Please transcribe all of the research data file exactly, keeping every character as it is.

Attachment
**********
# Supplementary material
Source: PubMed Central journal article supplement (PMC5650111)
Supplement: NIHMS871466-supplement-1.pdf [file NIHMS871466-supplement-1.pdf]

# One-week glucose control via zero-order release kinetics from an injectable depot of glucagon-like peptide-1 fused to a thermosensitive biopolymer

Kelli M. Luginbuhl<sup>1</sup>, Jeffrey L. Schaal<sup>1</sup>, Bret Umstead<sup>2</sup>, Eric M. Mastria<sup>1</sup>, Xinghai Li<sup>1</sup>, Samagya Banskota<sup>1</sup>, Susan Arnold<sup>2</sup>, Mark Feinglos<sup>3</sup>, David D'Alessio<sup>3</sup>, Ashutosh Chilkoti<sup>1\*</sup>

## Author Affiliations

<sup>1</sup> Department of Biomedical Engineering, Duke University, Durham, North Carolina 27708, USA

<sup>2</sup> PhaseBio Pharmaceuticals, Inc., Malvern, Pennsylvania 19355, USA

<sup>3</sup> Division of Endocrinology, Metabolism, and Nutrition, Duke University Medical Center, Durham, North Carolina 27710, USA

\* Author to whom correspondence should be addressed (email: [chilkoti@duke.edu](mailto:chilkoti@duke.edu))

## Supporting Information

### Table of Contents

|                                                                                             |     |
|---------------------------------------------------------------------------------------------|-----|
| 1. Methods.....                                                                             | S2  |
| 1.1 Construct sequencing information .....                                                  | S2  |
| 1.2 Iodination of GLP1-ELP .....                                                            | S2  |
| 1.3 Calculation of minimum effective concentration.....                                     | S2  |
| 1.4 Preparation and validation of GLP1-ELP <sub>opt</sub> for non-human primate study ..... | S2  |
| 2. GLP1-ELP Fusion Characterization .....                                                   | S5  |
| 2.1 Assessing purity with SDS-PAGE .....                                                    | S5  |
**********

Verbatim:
# Supplementary material
Source: PubMed Central journal article supplement (PMC5650111)
Supplement: NIHMS871466-supplement-1.pdf [file NIHMS871466-supplement-1.pdf]

# One-week glucose control via zero-order release kinetics from an injectable depot of glucagon-like peptide-1 fused to a thermosensitive biopolymer

Kelli M. Luginbuhl<sup>1</sup>, Jeffrey L. Schaal<sup>1</sup>, Bret Umstead<sup>2</sup>, Eric M. Mastria<sup>1</sup>, Xinghai Li<sup>1</sup>, Samagya Banskota<sup>1</sup>, Susan Arnold<sup>2</sup>, Mark Feinglos<sup>3</sup>, David D'Alessio<sup>3</sup>, Ashutosh Chilkoti<sup>1\*</sup>

## Author Affiliations

<sup>1</sup> Department of Biomedical Engineering, Duke University, Durham, North Carolina 27708, USA

<sup>2</sup> PhaseBio Pharmaceuticals, Inc., Malvern, Pennsylvania 19355, USA

<sup>3</sup> Division of Endocrinology, Metabolism, and Nutrition, Duke University Medical Center, Durham, North Carolina 27710, USA

\* Author to whom correspondence should be addressed (email: [chilkoti@duke.edu](mailto:chilkoti@duke.edu))

## Supporting Information

### Table of Contents

|                                                                                             |     |
|---------------------------------------------------------------------------------------------|-----|
| 1. Methods.....                                                                             | S2  |
| 1.1 Construct sequencing information .....                                                  | S2  |
| 1.2 Iodination of GLP1-ELP .....                                                            | S2  |
| 1.3 Calculation of minimum effective concentration.....                                     | S2  |
| 1.4 Preparation and validation of GLP1-ELP <sub>opt</sub> for non-human primate study ..... | S2  |
| 2. GLP1-ELP Fusion Characterization .....                                                   | S5  |
| 2.1 Assessing purity with SDS-PAGE .....                                                    | S5  |